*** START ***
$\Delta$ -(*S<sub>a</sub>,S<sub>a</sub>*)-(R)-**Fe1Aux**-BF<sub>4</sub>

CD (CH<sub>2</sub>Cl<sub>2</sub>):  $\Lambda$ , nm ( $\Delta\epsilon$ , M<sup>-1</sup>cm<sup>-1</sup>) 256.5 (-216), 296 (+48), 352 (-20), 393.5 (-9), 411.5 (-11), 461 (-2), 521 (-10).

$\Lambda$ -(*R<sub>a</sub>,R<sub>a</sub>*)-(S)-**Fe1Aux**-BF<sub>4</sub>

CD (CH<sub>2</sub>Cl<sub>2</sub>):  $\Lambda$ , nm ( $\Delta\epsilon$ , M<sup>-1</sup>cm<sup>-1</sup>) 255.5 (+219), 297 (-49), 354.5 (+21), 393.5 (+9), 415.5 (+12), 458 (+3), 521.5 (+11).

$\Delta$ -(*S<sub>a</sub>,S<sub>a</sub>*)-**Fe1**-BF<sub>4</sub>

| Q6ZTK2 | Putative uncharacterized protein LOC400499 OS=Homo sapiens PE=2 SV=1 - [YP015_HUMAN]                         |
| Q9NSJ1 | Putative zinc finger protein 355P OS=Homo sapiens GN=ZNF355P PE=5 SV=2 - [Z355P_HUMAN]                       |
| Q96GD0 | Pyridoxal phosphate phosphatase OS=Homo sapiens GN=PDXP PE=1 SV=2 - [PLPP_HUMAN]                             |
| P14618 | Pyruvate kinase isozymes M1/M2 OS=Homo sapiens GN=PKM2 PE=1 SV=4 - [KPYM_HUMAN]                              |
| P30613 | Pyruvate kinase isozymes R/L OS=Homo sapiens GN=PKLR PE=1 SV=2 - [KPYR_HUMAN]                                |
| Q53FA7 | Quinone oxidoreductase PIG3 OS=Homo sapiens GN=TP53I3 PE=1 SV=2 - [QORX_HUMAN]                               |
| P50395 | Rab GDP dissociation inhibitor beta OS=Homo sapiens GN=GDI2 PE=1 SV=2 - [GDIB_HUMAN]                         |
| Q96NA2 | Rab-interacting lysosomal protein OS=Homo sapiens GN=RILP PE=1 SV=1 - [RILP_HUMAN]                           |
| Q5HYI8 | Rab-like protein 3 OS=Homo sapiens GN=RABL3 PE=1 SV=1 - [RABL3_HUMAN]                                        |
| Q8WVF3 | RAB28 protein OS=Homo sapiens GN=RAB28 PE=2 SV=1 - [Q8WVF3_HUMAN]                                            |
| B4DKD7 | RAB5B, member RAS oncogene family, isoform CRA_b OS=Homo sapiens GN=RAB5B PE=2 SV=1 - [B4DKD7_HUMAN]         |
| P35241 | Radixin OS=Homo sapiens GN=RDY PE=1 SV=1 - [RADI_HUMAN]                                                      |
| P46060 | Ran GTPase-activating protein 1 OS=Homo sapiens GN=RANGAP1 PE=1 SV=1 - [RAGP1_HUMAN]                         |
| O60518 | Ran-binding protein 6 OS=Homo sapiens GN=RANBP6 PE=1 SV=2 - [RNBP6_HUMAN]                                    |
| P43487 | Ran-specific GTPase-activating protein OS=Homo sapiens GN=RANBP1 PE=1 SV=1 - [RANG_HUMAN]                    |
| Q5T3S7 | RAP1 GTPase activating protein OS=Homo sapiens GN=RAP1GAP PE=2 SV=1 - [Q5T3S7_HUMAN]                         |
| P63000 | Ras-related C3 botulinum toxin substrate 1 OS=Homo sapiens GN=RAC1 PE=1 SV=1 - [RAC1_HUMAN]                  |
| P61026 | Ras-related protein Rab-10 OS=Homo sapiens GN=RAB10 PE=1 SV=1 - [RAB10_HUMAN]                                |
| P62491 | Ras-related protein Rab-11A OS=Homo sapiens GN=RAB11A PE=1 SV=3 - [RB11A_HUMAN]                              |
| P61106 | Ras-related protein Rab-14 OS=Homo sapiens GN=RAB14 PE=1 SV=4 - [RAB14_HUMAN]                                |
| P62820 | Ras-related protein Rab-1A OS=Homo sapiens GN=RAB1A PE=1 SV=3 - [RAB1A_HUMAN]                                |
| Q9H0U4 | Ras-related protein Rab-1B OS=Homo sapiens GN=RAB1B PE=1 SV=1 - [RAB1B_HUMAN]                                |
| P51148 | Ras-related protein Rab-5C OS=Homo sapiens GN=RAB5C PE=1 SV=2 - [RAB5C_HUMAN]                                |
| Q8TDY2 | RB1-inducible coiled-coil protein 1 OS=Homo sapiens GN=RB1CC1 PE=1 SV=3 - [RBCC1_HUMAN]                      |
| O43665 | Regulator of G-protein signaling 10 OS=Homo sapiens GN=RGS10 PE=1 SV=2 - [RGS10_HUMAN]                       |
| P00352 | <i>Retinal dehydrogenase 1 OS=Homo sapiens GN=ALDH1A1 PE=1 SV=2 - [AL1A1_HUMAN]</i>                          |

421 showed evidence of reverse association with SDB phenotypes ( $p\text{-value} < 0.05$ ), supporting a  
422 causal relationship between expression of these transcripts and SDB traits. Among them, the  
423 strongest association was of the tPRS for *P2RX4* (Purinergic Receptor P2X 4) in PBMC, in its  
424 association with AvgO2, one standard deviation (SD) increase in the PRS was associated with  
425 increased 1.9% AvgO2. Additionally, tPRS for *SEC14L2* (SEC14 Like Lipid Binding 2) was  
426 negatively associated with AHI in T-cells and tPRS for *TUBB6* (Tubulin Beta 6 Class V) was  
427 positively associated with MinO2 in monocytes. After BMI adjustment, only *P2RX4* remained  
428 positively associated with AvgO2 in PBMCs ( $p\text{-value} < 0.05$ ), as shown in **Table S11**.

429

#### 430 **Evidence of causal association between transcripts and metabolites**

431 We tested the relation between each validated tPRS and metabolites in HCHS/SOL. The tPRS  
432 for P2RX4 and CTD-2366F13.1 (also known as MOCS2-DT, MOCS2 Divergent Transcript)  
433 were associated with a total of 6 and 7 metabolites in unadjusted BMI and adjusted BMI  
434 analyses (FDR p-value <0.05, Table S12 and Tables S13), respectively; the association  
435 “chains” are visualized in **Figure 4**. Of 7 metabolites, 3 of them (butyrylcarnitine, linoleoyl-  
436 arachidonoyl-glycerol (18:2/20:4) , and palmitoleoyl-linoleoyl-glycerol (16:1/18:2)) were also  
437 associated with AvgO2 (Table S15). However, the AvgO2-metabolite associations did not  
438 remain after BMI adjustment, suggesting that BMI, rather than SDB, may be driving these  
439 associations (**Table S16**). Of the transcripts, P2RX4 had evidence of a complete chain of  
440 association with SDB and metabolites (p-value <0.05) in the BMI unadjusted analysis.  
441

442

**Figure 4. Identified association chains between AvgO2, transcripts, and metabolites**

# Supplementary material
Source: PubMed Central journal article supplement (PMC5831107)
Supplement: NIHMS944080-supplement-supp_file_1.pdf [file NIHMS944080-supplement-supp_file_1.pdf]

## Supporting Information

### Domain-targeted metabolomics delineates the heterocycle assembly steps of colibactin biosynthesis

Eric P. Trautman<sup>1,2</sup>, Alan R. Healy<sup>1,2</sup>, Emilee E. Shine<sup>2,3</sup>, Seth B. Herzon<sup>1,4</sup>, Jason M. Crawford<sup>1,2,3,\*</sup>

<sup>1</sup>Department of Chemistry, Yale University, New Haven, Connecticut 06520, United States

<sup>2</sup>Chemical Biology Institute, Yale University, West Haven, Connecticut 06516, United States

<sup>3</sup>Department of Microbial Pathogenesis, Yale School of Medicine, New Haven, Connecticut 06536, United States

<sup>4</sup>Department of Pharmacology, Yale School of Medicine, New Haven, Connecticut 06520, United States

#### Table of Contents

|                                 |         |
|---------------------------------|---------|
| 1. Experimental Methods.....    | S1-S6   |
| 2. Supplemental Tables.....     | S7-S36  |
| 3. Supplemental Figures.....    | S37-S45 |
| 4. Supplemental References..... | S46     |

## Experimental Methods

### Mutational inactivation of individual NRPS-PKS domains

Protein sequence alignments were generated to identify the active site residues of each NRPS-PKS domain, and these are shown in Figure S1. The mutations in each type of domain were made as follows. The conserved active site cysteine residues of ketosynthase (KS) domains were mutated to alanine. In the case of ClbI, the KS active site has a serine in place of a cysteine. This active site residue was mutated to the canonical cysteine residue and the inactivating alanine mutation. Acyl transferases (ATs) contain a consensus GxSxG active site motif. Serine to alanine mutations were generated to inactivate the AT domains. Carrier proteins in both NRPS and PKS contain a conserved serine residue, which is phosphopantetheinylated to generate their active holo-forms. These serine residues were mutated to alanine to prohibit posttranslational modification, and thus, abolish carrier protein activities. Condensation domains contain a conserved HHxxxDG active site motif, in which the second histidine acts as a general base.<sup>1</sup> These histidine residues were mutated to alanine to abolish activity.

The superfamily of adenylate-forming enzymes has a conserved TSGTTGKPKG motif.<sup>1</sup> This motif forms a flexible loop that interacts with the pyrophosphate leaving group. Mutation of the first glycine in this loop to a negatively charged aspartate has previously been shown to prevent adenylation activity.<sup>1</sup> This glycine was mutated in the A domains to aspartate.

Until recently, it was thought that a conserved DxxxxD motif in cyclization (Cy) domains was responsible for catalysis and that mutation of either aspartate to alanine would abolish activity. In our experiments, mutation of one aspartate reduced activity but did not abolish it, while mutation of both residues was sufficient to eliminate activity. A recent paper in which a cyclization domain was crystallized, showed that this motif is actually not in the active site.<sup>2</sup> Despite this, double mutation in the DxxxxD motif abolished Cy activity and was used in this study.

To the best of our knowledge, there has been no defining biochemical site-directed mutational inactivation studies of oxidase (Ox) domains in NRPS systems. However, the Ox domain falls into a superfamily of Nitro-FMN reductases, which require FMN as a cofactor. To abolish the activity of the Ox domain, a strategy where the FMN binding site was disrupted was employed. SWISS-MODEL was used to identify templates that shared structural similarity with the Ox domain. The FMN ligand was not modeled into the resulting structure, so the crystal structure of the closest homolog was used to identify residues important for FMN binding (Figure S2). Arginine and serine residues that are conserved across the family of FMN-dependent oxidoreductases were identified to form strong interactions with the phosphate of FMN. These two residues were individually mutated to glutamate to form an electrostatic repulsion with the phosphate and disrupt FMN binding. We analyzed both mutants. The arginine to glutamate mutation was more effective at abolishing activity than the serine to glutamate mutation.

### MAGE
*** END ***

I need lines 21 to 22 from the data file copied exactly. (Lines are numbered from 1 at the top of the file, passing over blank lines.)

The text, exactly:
| Q5T3S7 | RAP1 GTPase activating protein OS=Homo sapiens GN=RAP1GAP PE=2 SV=1 - [Q5T3S7_HUMAN]                         |
| P63000 | Ras-related C3 botulinum toxin substrate 1 OS=Homo sapiens GN=RAC1 PE=1 SV=1 - [RAC1_HUMAN]                  |